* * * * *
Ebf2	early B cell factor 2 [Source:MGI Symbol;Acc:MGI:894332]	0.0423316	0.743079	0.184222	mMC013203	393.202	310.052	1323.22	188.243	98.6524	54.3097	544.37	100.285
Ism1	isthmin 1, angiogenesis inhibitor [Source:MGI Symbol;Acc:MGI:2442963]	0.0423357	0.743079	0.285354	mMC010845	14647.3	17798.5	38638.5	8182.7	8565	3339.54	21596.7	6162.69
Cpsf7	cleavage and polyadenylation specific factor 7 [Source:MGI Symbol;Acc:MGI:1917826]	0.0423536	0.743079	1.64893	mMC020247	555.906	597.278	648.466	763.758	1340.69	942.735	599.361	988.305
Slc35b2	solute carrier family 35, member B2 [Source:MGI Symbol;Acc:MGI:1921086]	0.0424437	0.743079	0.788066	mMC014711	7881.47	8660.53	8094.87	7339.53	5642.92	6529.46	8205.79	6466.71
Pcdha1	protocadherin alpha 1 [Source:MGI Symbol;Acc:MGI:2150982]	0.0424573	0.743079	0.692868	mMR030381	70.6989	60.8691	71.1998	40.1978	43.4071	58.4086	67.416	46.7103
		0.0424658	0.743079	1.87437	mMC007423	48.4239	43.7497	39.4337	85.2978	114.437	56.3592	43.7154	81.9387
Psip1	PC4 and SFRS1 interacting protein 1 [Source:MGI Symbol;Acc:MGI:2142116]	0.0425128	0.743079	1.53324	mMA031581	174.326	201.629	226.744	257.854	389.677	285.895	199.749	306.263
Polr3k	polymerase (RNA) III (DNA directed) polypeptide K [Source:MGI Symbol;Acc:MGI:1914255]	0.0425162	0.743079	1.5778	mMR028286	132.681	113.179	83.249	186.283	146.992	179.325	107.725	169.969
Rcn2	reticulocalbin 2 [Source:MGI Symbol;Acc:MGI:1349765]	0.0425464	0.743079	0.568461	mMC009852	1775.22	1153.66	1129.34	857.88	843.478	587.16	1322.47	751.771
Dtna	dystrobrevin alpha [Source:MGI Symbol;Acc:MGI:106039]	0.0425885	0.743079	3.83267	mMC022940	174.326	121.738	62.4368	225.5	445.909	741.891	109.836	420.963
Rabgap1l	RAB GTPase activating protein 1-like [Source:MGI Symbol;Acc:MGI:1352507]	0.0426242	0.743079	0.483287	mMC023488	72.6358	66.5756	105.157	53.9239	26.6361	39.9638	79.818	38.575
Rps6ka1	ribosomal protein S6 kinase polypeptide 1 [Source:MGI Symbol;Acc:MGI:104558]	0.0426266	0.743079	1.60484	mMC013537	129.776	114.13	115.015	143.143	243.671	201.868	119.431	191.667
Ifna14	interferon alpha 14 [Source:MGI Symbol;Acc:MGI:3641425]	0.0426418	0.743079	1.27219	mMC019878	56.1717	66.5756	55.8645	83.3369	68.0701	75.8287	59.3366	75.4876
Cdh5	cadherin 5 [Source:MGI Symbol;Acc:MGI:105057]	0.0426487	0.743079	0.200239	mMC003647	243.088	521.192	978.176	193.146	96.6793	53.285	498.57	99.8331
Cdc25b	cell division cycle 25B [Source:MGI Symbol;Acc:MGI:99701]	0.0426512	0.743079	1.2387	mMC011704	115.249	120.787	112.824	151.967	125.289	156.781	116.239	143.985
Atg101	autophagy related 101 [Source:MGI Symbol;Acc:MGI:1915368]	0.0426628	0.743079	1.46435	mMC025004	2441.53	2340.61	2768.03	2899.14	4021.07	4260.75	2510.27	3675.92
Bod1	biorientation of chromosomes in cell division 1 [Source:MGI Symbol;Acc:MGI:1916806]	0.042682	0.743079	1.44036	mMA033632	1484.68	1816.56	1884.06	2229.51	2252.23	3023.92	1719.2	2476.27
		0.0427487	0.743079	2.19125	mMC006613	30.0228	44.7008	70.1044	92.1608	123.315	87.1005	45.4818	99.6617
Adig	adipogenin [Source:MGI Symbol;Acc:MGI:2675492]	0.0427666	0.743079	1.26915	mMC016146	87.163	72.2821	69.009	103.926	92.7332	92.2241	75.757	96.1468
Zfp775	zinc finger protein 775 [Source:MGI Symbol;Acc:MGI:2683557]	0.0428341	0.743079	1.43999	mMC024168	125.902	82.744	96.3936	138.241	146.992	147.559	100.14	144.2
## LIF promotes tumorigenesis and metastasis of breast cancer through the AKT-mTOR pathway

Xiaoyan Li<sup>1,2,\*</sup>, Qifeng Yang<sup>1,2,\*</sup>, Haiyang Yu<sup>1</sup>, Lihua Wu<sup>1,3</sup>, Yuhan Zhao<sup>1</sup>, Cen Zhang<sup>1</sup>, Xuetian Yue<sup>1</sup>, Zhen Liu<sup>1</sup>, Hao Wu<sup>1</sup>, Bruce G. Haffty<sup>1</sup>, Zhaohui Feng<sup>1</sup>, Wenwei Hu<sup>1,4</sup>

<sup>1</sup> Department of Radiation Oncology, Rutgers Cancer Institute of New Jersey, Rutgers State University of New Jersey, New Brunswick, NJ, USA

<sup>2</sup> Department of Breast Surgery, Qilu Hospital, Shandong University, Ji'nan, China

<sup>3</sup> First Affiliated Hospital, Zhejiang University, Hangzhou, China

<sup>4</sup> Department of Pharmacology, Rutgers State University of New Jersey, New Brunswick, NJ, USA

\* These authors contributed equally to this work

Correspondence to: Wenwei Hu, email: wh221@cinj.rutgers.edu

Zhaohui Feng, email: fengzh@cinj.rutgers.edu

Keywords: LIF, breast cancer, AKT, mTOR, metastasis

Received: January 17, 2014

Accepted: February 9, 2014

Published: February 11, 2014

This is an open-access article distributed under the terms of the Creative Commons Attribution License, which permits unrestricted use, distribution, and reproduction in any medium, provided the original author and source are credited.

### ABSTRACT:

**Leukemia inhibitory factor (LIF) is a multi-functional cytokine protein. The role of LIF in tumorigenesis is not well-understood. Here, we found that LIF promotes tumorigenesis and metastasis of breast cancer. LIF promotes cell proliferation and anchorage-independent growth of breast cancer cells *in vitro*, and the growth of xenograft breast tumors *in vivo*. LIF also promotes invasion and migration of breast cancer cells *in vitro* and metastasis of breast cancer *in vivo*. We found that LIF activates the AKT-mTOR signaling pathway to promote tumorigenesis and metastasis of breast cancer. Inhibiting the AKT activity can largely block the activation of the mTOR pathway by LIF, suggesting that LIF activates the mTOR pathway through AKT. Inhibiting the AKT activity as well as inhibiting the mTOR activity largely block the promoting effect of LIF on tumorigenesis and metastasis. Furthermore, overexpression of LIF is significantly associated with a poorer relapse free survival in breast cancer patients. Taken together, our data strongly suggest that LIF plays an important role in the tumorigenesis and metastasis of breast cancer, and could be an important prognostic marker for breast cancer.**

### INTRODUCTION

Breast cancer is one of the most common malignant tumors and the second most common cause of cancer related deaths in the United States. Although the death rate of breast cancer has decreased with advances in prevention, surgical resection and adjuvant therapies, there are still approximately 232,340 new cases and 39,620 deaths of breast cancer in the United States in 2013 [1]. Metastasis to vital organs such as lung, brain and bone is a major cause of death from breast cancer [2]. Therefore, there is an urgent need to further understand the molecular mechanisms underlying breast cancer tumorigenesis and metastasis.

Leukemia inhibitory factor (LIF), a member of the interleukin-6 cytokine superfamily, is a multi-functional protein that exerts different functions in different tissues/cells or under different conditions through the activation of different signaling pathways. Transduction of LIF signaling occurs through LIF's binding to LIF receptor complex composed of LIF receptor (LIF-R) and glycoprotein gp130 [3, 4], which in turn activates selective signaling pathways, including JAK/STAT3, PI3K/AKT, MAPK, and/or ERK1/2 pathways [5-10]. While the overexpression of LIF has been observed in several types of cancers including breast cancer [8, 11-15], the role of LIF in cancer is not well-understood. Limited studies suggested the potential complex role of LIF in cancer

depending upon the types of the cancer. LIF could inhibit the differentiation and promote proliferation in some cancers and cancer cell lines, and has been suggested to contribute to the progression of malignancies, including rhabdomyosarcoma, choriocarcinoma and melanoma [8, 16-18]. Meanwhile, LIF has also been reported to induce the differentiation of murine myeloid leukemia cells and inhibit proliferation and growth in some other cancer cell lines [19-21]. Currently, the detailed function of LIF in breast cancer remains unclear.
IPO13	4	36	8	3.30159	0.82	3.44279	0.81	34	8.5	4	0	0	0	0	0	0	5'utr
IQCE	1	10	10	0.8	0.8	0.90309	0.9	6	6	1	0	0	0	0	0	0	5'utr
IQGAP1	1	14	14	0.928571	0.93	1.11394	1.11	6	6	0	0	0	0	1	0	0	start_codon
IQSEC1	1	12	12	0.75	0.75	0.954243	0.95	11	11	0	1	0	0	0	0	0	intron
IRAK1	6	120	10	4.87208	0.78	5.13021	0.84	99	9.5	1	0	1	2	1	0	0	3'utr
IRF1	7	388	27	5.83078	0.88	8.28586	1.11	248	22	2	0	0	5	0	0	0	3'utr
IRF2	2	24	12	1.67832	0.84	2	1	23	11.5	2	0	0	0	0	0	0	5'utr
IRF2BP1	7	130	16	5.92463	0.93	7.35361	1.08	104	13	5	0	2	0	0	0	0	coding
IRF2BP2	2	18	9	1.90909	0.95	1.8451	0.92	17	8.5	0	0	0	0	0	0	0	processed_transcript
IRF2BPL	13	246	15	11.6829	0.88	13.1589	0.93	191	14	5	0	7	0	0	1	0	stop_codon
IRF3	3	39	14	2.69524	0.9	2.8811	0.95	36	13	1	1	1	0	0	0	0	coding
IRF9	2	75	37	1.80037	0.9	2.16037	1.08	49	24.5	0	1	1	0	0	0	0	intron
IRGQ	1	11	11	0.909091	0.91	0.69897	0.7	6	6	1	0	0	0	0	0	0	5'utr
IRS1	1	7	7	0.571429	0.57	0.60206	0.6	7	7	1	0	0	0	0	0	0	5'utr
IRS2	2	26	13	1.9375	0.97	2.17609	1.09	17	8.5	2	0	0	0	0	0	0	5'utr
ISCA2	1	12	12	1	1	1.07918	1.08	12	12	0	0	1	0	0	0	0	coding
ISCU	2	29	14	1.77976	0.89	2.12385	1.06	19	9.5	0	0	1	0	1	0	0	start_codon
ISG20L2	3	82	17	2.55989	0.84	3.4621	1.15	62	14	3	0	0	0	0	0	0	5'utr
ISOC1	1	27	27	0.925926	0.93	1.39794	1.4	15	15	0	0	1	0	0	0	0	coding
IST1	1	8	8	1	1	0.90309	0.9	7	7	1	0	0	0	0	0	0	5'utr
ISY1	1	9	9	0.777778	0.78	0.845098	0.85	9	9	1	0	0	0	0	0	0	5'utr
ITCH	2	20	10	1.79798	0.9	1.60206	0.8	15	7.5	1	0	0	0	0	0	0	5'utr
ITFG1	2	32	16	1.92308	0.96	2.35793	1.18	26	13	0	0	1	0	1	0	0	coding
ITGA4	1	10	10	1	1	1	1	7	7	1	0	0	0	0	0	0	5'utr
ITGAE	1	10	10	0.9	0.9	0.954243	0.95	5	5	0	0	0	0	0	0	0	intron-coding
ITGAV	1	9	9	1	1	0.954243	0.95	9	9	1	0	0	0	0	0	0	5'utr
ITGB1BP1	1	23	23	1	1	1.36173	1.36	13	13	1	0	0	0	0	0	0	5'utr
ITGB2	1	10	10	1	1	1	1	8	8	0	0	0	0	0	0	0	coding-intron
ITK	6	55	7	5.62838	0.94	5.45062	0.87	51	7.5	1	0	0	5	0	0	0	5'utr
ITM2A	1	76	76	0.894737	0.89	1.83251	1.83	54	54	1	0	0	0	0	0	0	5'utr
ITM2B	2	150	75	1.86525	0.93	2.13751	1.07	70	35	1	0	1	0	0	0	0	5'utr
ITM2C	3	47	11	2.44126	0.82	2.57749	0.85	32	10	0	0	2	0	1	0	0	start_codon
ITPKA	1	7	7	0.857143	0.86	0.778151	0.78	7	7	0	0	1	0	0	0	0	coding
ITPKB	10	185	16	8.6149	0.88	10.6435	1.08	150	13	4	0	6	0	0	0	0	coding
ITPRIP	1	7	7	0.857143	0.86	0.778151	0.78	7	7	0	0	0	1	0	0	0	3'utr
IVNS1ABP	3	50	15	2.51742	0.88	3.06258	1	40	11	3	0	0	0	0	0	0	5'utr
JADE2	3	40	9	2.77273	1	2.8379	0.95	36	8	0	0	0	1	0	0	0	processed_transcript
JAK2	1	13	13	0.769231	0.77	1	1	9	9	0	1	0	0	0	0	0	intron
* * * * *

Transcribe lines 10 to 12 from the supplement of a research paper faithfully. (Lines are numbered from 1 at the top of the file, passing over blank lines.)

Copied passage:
Dtna	dystrobrevin alpha [Source:MGI Symbol;Acc:MGI:106039]	0.0425885	0.743079	3.83267	mMC022940	174.326	121.738	62.4368	225.5	445.909	741.891	109.836	420.963
Rabgap1l	RAB GTPase activating protein 1-like [Source:MGI Symbol;Acc:MGI:1352507]	0.0426242	0.743079	0.483287	mMC023488	72.6358	66.5756	105.157	53.9239	26.6361	39.9638	79.818	38.575
Rps6ka1	ribosomal protein S6 kinase polypeptide 1 [Source:MGI Symbol;Acc:MGI:104558]	0.0426266	0.743079	1.60484	mMC013537	129.776	114.13	115.015	143.143	243.671	201.868	119.431	191.667